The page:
A long time ago, I was needing a shopping basket for another purpose, than bikes. I couldn't find anything online, & asked the " Dollar Store " manager if they ever had any damaged/broken ones. She gave me one right away, from the storage room , that was going to be thrown away. It had only minor damage & I easily made a lasting repair. I still have it after 10 years.
Hard to beat free stuff. And I do like the idea of the shopping basket, even if it's permanently zip-tied to the rack, simply because the low profile would help me mount the bike without hurting myself. I do own a milk crate, but I lack the tools to cut it down to a manageable height. (Of course, some people keep milk crates on the rear rack all the time and still manage to swing a leg over the bike....)
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Old 11-30-12, 04:09 PM   #20
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Hard to beat free stuff. And I do like the idea of the shopping basket, even if it's permanently zip-tied to the rack, simply because the low profile would help me mount the bike without hurting myself. I do own a milk crate, but I lack the tools to cut it down to a manageable height. (Of course, some people keep milk crates on the rear rack all the time and still manage to swing a leg over the bike....)
There's more than one way to mount a bike. No rule says that you have to swing your leg up and over the saddle. It'll take some practice and be awkward at first, but you can throw a leg over the top tube in front of the saddle.
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Old 11-30-12, 05:20 PM   #21
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The local Big Lots store said i could snag whatever they had dumped out back. I didn't see any shopping baskets, but I found a beverage crate that might do nicely.
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Old 11-30-12, 10:58 PM   #22
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The local Big Lots store said i could snag whatever they had dumped out back. I didn't see any shopping baskets, but I found a beverage crate that might do nicely.
Beverage crates rock and depending on the dimensions, way more versatile than a milk crate. This is what I had for a time mounted on my rack.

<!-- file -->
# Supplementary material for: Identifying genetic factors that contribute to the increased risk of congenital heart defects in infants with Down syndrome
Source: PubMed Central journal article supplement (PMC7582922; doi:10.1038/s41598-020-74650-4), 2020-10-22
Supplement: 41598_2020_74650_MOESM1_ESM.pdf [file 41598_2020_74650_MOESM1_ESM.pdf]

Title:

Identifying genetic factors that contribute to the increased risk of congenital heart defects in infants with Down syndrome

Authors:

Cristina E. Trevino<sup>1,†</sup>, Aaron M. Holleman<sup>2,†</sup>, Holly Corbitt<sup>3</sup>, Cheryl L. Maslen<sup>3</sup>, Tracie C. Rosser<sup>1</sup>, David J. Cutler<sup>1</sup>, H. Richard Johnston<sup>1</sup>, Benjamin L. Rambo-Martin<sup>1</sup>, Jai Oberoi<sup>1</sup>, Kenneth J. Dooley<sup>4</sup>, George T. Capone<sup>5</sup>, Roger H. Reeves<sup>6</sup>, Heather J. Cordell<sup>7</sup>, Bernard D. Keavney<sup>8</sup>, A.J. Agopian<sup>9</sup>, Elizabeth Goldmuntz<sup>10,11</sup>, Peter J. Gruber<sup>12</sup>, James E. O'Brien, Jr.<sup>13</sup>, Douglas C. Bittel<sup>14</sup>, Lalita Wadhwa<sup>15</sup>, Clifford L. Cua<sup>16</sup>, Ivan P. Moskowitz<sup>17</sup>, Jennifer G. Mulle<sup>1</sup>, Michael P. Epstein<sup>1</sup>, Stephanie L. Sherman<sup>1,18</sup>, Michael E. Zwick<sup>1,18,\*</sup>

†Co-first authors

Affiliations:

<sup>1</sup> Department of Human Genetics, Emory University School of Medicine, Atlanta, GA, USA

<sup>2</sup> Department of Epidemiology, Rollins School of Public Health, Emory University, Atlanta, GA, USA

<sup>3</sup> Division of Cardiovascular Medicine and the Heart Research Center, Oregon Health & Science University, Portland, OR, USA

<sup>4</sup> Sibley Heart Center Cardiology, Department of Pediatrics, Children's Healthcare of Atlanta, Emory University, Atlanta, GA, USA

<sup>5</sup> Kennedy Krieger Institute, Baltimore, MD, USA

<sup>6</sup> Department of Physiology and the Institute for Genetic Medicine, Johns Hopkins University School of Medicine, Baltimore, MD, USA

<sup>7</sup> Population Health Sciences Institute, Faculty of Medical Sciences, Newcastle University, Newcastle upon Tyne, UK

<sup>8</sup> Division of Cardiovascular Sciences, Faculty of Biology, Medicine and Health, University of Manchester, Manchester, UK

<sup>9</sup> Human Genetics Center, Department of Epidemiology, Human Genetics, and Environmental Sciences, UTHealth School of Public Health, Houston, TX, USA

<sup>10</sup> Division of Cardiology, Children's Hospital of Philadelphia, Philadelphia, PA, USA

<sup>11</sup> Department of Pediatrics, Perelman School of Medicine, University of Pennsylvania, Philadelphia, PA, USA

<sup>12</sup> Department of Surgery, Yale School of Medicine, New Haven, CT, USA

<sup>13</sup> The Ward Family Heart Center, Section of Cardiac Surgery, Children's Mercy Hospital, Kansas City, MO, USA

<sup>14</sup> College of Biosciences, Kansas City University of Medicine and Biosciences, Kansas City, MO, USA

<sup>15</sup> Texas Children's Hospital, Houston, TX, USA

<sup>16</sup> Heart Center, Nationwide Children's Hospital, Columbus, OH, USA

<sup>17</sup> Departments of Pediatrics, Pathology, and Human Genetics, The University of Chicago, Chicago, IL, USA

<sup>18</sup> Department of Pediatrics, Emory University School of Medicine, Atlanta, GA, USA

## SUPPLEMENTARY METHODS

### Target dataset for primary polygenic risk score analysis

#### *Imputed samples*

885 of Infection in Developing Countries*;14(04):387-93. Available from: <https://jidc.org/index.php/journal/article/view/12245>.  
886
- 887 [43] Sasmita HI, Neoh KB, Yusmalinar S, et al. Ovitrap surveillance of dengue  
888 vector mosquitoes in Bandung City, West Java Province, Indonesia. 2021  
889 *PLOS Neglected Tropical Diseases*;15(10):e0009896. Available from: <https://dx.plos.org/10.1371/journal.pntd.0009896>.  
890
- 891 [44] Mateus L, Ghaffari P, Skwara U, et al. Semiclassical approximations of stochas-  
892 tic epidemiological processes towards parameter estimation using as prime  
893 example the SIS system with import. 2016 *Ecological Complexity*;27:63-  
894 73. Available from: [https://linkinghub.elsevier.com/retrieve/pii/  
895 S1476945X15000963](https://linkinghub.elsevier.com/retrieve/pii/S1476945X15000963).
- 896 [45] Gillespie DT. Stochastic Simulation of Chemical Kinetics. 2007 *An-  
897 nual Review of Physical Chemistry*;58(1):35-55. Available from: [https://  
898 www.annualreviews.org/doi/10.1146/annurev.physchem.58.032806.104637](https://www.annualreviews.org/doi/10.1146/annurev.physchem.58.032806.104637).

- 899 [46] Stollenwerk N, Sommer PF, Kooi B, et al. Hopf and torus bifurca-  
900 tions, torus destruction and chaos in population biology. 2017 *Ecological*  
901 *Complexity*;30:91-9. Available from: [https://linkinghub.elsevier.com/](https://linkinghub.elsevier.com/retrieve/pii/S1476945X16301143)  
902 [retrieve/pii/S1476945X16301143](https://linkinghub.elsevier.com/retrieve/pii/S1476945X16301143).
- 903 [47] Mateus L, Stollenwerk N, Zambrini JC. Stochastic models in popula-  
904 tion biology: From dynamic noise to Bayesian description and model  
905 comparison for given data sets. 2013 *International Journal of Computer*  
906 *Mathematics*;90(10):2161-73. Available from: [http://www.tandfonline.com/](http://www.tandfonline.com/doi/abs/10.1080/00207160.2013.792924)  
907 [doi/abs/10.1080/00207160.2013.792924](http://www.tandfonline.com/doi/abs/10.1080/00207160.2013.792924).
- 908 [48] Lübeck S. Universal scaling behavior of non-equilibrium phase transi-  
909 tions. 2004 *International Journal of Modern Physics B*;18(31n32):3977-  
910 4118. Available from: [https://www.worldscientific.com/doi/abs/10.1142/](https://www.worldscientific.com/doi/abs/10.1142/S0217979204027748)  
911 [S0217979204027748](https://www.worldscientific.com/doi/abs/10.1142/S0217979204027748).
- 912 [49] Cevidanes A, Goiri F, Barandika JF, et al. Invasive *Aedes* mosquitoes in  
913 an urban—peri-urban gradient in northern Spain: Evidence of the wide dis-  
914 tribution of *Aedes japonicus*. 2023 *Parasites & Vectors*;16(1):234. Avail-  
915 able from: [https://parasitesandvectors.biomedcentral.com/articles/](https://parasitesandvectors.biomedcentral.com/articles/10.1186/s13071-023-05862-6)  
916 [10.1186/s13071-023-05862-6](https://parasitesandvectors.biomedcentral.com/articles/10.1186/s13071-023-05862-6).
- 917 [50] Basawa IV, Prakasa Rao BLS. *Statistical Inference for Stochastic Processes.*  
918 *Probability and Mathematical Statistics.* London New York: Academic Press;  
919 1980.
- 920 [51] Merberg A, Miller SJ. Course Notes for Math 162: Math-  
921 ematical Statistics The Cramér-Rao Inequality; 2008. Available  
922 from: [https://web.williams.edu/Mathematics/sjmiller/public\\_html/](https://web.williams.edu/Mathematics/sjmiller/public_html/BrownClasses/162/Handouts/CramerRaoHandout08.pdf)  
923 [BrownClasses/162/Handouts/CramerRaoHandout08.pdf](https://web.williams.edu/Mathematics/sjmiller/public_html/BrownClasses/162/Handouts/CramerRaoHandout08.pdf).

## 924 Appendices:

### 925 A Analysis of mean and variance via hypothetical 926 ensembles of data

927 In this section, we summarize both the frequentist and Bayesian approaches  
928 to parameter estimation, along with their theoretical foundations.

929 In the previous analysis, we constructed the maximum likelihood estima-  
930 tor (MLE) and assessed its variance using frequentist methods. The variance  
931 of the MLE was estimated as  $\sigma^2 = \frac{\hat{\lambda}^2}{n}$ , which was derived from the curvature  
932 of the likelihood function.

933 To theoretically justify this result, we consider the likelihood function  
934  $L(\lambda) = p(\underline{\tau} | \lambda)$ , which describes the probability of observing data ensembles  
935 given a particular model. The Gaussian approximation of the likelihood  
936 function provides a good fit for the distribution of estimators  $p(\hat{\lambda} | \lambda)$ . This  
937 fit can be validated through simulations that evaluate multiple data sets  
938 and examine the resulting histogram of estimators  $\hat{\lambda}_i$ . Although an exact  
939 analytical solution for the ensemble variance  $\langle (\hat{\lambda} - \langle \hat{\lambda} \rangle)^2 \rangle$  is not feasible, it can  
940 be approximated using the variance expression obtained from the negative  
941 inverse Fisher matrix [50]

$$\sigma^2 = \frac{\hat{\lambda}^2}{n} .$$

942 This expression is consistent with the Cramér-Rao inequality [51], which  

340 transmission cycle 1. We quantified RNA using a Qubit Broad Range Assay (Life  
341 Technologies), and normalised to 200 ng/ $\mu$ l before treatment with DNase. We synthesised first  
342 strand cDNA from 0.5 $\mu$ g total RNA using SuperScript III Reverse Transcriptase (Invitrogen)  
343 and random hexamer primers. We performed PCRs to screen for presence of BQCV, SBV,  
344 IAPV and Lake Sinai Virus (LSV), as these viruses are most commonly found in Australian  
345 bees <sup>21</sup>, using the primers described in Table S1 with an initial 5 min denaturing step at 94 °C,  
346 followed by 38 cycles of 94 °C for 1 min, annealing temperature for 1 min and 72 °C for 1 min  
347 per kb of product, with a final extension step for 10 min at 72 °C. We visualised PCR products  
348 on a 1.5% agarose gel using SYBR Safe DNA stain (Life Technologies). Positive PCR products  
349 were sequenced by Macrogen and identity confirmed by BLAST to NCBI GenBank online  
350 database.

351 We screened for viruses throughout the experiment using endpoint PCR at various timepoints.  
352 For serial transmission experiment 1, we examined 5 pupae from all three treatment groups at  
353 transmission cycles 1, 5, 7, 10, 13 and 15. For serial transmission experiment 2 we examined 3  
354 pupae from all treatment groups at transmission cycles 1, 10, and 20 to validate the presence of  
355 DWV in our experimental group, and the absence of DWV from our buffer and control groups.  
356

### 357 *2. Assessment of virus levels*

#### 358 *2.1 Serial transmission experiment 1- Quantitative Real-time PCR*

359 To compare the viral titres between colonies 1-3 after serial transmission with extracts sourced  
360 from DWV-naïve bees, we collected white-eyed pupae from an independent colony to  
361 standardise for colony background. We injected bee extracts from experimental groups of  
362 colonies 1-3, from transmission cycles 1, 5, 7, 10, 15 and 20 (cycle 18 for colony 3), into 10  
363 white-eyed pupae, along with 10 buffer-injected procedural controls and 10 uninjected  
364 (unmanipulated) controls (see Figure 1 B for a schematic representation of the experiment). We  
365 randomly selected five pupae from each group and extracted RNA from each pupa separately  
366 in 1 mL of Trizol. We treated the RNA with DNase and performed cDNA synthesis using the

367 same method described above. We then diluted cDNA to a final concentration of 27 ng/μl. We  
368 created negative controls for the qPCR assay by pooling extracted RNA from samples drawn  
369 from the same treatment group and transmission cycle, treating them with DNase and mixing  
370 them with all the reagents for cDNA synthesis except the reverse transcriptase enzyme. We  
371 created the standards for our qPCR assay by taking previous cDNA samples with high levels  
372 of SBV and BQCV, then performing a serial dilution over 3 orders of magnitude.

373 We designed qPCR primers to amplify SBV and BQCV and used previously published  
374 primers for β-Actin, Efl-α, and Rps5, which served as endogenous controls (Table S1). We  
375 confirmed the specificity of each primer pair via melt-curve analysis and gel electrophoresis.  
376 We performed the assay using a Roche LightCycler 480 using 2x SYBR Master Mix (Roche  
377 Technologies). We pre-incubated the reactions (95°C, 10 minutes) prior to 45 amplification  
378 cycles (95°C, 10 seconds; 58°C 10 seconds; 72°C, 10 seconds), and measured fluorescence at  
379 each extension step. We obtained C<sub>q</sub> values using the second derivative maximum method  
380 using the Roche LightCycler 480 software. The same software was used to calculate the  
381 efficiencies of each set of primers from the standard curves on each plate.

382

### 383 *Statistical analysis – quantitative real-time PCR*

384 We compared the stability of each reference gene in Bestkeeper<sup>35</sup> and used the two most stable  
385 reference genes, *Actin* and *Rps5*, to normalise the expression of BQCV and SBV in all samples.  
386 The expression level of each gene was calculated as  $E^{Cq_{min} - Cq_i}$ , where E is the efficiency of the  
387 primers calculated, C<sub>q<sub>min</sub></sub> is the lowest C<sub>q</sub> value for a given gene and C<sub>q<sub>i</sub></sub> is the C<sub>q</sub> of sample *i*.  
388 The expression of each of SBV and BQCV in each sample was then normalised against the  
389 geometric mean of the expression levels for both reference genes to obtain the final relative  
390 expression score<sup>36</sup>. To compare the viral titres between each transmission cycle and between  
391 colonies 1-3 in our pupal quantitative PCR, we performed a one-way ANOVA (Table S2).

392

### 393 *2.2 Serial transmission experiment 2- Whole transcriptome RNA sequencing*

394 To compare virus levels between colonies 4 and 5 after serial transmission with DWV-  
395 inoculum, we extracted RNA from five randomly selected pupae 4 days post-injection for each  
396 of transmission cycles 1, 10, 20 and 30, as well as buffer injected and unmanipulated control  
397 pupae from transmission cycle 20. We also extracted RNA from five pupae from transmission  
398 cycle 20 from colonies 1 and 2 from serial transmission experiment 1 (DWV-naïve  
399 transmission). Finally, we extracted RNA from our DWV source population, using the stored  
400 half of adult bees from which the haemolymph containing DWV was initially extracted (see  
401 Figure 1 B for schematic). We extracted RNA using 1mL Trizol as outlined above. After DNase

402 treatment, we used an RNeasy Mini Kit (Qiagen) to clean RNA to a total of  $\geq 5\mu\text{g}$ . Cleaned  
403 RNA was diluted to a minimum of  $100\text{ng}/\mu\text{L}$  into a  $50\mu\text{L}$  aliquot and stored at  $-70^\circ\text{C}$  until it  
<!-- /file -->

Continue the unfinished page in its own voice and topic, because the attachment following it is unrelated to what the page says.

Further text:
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Old 11-30-12, 11:36 PM   #23
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Beverage crates rock and depending on the dimensions, way more versatile than a milk crate. This is what I had for a time mounted on my rack.
Did you ever try installing it "crosswise" (perpendicular to the rack)? Or would that be too unstable?
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Old 12-01-12, 01:44 AM   #24
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Did you ever try installing it "crosswise" (perpendicular to the rack)? Or would that be too unstable?
I never tried it perpendicular. I ran it inline due to the fact at the time, I was a multimodal commuter that used the bus mounted racks and transported my bike in the back of a Suburban (on its side with the chain side up, of course).

You could try it if you want, but you'll have to be careful about weight distribution- too much on either side will put stress on what ever mounting hardware you use (zip ties is what I used), plus if the load is heavy enough and shifts on you unexpectantly, you could be in for a wicked little surprise.

There were two primary reasons why I swapped out the milk crate for the beverage crate. One a fully loaded backpack would not fit in the milk crate and secondly I am not a Rockette. And then there was also where I had my saddle positioned at the time usually led my cheeks rubbing the top of the crate.
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Old 02-15-13, 06:04 PM   #25
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Beverage crates rock and depending on the dimensions, way more versatile than a milk crate. This is what I had for a time mounted on my rack.
After many delays, I finally got around to zip-tying my beverage crate to my Simple Seven in the same configuration as the referenced pics. But I can't help noticing that even though the beverage crate cuts a much lower profile than a milk crate would, I'm still just barely getting my leg over it when I mount/dismount. I don't think a load of groceries will make things too much worse, but I can see myself getting the occasional scraped shin on this thing. Is there perhaps some some other mounting/dismounting method I could try?